Ex-Democrat gets prominent role
BY LYNN SWEET Twitter: @lynnsweet August 27, 2012 12:44AM
Rep. Artur Davis,D-Ala., shares a moment with Peggy Wallace-Kennedy, daughter of former Alabama Gov. George C. Wallace, prior to being introduced to the congregation gathered at the Brown AME Chapel in Selma, Ala., Sunday, March 8, 2009, on the 44th anniversary of the Selma-to-Montgomery march that led to passage of the Voting Rights Act. (AP Photo/ Kevin Glackmeyer)
Updated: September 28, 2012 6:13AM
TAMPA, Fla. — Savaged by Democrats as an opportunistic turncoat, former Rep. Artur Davis — who switched to the GOP a few months ago and is being showcased at the convention — told me Sunday the blistering attacks say more about them than him.
After the Romney team announced Davis as a convention speaker, the Democratic National Committee produced a video last week titled, “For Artur Davis, It’s All About Artur Davis.”
“Oh, I pay zero attention to them,” Davis told me. “I think you’ve got some folks in the Democratic Party who have some lingering personal bitterness. They will either get over that or they won’t. I don’t particularly care one way or the other. Ultimately, this week is about Mitt Romney. “
When Barack Obama started running for president, Davis, then an Alabama congressman, was an early backer — one of Obama’s best-known African-American endorsers in Congress outside of the Illinois members.
We talked here as Davis was preparing to deliver a prime time speech on behalf of Mitt Romney — rescheduled to Wednesday night as Republicans revised the convention schedule because of Tropical Storm Isaac.
The last political convention Davis attended was with the Democrats in Denver, four years ago, when he delivered one of Obama’s nominating speeches. A Harvard Law School graduate — two years behind Obama — Davis was a 2008 Obama campaign co-chair.
But unlike Obama, who skyrocketed to fame with his 2004 Boston convention speech for Democratic candidate Sen. John Kerry, Davis was not able on the strength of a convention speech to duplicate Obama’s success, albeit on a smaller scale. In 2010 Davis ran for Alabama governor and lost the Democratic primary.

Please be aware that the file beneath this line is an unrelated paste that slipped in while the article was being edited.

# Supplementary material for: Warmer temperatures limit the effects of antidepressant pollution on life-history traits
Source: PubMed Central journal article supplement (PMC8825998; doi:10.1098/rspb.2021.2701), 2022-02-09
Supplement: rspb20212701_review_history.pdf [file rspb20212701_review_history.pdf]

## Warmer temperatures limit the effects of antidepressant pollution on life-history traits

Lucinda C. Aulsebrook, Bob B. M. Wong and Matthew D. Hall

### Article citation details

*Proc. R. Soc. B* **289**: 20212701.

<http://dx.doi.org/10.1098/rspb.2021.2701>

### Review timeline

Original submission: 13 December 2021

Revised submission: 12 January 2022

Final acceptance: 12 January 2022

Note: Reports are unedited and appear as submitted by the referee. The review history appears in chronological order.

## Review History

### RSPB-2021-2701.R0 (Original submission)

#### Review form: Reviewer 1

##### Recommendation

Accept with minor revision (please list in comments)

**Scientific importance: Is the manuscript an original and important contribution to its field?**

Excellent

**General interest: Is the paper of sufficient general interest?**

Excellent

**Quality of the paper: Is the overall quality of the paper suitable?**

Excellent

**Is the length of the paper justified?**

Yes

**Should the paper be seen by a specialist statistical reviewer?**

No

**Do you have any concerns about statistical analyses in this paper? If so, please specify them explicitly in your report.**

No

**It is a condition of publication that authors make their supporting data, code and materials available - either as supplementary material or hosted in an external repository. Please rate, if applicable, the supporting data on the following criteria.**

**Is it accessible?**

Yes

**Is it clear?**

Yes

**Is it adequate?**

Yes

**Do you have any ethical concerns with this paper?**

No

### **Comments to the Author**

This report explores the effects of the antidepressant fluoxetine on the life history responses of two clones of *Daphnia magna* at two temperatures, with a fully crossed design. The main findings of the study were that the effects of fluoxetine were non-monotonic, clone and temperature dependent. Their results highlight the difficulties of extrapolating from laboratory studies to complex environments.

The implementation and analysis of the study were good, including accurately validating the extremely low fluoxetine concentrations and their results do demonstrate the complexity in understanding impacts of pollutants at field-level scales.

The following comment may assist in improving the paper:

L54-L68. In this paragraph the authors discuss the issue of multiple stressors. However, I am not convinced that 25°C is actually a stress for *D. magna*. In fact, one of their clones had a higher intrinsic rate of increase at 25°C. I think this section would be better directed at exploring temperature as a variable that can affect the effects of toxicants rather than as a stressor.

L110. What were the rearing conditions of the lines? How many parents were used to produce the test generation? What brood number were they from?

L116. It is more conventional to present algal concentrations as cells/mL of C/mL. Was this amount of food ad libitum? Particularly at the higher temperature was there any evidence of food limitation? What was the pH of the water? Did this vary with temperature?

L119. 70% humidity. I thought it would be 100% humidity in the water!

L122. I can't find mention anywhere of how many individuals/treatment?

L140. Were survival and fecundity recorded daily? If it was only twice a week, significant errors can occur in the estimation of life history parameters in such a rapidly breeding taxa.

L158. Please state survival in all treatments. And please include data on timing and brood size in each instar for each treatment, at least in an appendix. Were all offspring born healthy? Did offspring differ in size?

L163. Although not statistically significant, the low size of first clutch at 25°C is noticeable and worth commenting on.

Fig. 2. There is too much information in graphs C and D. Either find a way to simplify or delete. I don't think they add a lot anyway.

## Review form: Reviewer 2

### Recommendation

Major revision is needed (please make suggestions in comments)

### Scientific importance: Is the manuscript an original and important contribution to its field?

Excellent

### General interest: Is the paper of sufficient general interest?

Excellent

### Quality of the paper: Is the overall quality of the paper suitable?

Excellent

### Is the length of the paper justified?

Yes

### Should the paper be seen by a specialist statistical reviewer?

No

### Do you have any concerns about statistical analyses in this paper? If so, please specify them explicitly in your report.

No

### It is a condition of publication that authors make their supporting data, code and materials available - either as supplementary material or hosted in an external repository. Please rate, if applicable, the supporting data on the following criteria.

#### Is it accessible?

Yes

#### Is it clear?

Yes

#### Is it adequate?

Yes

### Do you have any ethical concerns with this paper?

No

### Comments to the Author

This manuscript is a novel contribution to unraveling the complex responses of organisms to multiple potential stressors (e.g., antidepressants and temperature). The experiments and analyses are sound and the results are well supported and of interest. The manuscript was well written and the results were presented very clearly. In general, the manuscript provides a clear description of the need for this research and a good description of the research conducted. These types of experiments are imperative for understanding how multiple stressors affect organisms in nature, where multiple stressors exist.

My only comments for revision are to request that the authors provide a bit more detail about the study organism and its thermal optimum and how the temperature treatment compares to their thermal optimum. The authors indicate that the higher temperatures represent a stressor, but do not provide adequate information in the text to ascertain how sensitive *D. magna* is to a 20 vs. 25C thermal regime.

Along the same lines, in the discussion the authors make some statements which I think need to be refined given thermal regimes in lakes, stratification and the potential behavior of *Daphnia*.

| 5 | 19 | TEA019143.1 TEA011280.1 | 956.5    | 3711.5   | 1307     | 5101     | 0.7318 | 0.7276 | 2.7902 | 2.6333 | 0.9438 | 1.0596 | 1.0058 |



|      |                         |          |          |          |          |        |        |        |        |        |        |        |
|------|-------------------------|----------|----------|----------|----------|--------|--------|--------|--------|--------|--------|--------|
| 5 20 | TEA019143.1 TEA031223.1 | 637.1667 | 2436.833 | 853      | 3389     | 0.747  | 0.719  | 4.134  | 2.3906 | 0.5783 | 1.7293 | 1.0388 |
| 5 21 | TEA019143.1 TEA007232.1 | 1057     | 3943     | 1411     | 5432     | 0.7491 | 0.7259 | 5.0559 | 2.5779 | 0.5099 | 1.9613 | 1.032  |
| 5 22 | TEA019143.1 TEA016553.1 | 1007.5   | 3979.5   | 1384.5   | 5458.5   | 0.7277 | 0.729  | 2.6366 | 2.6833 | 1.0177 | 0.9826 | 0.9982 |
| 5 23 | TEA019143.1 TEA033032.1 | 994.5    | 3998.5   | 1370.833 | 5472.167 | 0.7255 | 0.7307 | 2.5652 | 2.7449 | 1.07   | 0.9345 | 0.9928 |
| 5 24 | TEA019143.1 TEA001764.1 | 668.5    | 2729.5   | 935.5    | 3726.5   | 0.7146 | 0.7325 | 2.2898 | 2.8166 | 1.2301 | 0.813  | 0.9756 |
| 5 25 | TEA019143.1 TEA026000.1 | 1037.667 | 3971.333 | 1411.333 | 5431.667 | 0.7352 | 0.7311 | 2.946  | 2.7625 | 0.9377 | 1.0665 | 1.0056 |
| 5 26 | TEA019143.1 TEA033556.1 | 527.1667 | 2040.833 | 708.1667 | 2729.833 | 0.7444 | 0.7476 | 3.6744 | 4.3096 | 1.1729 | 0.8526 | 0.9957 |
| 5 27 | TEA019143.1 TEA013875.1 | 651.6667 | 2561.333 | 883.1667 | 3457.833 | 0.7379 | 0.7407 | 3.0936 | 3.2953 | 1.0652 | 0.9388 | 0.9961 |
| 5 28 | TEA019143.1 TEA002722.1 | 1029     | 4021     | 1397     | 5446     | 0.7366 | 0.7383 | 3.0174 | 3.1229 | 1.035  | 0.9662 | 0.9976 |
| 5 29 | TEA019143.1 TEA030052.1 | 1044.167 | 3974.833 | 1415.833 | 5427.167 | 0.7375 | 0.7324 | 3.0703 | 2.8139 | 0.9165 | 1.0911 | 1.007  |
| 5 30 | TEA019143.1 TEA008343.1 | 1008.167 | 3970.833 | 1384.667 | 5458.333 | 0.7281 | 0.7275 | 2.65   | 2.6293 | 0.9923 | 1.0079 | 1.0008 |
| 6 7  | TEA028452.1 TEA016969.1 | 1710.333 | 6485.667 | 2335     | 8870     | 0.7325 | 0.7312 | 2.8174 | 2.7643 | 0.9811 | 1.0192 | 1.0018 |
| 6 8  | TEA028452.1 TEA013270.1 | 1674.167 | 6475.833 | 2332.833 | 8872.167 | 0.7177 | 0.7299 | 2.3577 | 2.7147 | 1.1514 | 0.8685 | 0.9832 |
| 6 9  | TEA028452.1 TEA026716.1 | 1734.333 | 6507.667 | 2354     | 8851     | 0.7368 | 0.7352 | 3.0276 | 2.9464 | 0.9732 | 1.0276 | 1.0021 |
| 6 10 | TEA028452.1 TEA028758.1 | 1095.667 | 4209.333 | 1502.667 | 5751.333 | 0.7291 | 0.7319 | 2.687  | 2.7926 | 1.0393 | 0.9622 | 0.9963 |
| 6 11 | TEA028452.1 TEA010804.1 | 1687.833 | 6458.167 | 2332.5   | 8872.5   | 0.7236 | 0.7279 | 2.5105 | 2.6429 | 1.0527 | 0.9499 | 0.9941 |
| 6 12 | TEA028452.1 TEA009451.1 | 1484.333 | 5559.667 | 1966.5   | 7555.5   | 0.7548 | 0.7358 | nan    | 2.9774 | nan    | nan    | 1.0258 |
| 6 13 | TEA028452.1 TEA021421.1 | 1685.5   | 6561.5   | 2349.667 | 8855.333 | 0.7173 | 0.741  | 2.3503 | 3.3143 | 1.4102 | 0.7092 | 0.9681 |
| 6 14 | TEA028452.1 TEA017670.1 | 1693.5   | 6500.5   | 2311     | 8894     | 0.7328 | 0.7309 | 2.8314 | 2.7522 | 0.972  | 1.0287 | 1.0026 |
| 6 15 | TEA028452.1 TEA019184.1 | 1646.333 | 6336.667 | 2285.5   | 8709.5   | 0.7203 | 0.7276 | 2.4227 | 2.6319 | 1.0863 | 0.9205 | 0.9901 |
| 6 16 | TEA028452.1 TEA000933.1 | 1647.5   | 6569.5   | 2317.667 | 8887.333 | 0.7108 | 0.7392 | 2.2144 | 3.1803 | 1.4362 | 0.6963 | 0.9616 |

Fast forward. Davis moved from Alabama and now lives in a Washington, D.C., suburb in Virginia — a major battleground state with a significant minority population.
In a May blog post, Davis, as he was changing parties, wrote, “wearing a Democratic label no longer matches what I know about my country and its possibilities.”
The Romney team welcomed Davis — it would love to be a new home for right-of-center Democrats. Davis jumping to the GOP comes as the party — as it does chronically — lacks prominent African Americans, even with Herman Cain running for president this year.
Democrats are figuring that Davis is positioning himself to revive his political career with a run from Virginia as a Republican. As Rep. David Dreier (R-Calif.) put it when we talked Sunday, Democrats are unfairly “maligning” his former colleague as an opportunist, “making the case that blacks can’t find opportunity in the Democratic Party, they have to stand in line too long, and in the Republican Party there is a chance for him to rush forward.”
We’re talking as former Florida Gov. Charles Crist on Sunday endorsed Obama. Crist is a former Republican who turned independent after he lost a Florida Senate primary bid to now Sen. Marco Rubio (R-Fla.).
So this stuff happens in politics. Republicans will be taking their shots at Crist, trying to devalue his endorsement — in the critical swing state of Florida where every voter segment, including moderate Republicans, is being mined by Obama and Romney.
“I think Democrats are frustrated that Mitt Romney is in the position that he is in. I think every time that Democrats think they have turned a corner in this race, they turn around and see that they haven’t,” Davis said.
Voters are just not buying the argument that Obama deserves a second term, Davis told me, and Democrats “are taking out their frustration where they can.”
Essentially, Davis said, the party left him. “Democrats don’t have a lot of respect for conservatism.”
Obama in 2008 ran on a simple theme of “hope” and “change.” The Romney team has a giant “CHANGE” sign in the convention hall at the Tampa Bay Times Forum.
Dreier told me, “If you are running against the status quo, obviously change is what everybody is looking for because we are offering an alternative. It is not a new word. It was not a word that was developed in ’08.”
No one owns the argument for change. This week, we’ll see how well Romney makes it.